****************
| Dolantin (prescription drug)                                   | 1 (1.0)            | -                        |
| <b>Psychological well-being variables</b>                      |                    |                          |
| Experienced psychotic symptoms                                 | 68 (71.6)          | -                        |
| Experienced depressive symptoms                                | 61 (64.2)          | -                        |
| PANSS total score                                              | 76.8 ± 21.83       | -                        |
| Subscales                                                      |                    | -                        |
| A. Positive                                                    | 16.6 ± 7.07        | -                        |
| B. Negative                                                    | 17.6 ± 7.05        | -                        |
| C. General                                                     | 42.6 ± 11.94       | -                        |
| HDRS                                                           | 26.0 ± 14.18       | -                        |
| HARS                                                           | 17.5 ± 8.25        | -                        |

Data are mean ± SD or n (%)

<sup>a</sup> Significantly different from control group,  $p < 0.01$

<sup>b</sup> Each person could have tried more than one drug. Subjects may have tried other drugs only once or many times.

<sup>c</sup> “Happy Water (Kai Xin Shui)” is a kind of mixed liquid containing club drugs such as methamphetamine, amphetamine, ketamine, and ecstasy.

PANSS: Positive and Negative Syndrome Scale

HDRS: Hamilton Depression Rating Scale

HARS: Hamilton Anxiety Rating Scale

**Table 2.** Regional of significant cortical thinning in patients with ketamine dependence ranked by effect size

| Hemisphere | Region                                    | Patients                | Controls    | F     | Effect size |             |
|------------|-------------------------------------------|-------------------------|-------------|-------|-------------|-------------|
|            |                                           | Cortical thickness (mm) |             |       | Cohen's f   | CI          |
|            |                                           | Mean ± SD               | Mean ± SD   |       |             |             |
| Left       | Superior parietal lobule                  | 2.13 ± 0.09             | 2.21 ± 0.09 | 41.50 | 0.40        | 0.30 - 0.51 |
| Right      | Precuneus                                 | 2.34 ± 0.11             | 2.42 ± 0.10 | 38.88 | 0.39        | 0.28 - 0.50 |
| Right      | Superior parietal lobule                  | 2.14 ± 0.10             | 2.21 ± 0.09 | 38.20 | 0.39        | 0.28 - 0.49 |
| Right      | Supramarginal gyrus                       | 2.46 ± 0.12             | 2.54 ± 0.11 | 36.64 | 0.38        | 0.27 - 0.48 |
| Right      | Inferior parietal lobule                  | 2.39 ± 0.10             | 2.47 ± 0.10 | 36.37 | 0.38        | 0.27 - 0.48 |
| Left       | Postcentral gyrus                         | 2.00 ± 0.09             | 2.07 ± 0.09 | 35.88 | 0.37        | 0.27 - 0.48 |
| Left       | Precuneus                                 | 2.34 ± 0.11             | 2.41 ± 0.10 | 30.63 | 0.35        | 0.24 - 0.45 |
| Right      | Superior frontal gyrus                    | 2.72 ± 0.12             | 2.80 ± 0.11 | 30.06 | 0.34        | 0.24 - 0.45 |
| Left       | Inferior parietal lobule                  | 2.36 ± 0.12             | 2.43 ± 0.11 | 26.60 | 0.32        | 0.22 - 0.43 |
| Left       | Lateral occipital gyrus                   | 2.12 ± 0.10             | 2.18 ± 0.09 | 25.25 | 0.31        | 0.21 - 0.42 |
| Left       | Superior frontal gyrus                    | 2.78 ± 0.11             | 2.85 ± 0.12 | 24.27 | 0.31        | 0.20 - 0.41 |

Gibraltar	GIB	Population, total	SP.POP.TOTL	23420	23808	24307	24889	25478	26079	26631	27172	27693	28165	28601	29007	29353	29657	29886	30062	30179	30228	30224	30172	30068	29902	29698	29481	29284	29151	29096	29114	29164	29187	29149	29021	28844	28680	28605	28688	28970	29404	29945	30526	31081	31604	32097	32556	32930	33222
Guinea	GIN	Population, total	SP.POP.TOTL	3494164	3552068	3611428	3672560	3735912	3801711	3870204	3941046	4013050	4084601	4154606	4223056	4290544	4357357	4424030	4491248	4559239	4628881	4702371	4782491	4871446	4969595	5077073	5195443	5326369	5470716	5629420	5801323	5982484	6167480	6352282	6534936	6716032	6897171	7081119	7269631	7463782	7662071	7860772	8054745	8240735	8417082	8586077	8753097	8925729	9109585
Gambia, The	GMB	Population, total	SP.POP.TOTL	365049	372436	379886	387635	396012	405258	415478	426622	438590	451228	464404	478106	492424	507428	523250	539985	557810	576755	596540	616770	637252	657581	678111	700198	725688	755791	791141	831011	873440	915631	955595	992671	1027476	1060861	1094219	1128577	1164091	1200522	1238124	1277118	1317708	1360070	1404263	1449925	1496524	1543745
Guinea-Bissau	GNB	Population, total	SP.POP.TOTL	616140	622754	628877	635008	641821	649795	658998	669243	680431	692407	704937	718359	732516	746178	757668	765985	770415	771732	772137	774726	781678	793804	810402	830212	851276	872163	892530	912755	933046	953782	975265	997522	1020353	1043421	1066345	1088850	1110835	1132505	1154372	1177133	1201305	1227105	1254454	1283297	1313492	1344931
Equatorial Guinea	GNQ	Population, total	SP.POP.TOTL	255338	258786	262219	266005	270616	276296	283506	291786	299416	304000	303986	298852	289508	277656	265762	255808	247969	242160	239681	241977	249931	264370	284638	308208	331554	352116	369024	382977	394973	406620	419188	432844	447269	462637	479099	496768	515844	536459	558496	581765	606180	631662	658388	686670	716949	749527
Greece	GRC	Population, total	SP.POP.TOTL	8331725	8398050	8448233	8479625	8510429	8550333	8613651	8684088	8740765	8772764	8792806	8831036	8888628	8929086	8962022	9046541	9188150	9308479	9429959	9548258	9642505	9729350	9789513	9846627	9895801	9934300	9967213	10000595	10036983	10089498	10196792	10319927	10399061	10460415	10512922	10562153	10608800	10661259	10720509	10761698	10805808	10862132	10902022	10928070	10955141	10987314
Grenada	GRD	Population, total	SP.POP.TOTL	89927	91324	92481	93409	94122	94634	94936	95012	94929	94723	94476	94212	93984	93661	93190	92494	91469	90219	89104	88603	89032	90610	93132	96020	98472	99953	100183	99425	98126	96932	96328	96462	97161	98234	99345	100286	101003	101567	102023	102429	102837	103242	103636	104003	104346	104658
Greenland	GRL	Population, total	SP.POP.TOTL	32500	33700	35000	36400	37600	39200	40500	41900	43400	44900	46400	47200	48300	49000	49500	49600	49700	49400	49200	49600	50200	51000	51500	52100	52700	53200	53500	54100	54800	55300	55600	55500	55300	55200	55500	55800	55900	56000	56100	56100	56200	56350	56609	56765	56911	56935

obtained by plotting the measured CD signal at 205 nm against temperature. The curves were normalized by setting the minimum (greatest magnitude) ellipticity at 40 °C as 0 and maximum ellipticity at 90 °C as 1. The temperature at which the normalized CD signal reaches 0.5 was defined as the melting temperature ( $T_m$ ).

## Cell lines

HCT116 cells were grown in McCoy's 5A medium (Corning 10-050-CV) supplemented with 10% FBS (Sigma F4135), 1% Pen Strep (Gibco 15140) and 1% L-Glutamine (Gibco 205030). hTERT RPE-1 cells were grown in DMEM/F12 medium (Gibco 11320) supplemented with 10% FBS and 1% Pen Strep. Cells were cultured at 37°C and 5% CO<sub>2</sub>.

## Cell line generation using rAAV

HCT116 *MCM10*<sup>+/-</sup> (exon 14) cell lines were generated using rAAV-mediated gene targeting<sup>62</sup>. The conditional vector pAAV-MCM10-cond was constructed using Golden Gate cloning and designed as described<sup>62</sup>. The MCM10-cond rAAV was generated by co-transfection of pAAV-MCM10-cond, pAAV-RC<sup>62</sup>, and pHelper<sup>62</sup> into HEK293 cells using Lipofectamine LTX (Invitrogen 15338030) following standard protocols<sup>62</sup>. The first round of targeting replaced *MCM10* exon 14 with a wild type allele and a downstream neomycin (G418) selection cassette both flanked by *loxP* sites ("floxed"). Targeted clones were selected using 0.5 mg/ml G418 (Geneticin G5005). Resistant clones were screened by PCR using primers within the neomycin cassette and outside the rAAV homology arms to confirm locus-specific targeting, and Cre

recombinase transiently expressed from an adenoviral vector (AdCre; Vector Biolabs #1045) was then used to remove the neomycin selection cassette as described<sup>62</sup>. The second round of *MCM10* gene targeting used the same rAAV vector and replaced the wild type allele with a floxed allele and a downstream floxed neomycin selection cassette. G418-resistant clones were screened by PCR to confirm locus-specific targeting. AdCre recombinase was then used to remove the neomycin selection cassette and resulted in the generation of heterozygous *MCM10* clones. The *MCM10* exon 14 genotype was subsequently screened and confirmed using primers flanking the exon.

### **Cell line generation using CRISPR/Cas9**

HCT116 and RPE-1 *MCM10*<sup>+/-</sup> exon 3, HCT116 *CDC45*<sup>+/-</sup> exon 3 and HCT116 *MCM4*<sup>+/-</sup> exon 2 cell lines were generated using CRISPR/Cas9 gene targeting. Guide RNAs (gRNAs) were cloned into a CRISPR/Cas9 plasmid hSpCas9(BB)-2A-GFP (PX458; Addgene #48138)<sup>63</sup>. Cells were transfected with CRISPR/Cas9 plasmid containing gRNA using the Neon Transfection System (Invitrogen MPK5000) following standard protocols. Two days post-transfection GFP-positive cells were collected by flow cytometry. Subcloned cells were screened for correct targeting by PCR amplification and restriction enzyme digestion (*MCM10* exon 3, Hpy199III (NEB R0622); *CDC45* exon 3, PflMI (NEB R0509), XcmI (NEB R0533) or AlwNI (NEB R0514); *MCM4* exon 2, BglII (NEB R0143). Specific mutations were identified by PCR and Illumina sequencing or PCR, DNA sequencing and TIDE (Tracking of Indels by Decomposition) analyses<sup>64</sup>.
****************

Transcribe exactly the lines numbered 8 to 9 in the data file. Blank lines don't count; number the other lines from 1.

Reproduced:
| B. Negative                                                    | 17.6 ± 7.05        | -                        |
| C. General                                                     | 42.6 ± 11.94       | -                        |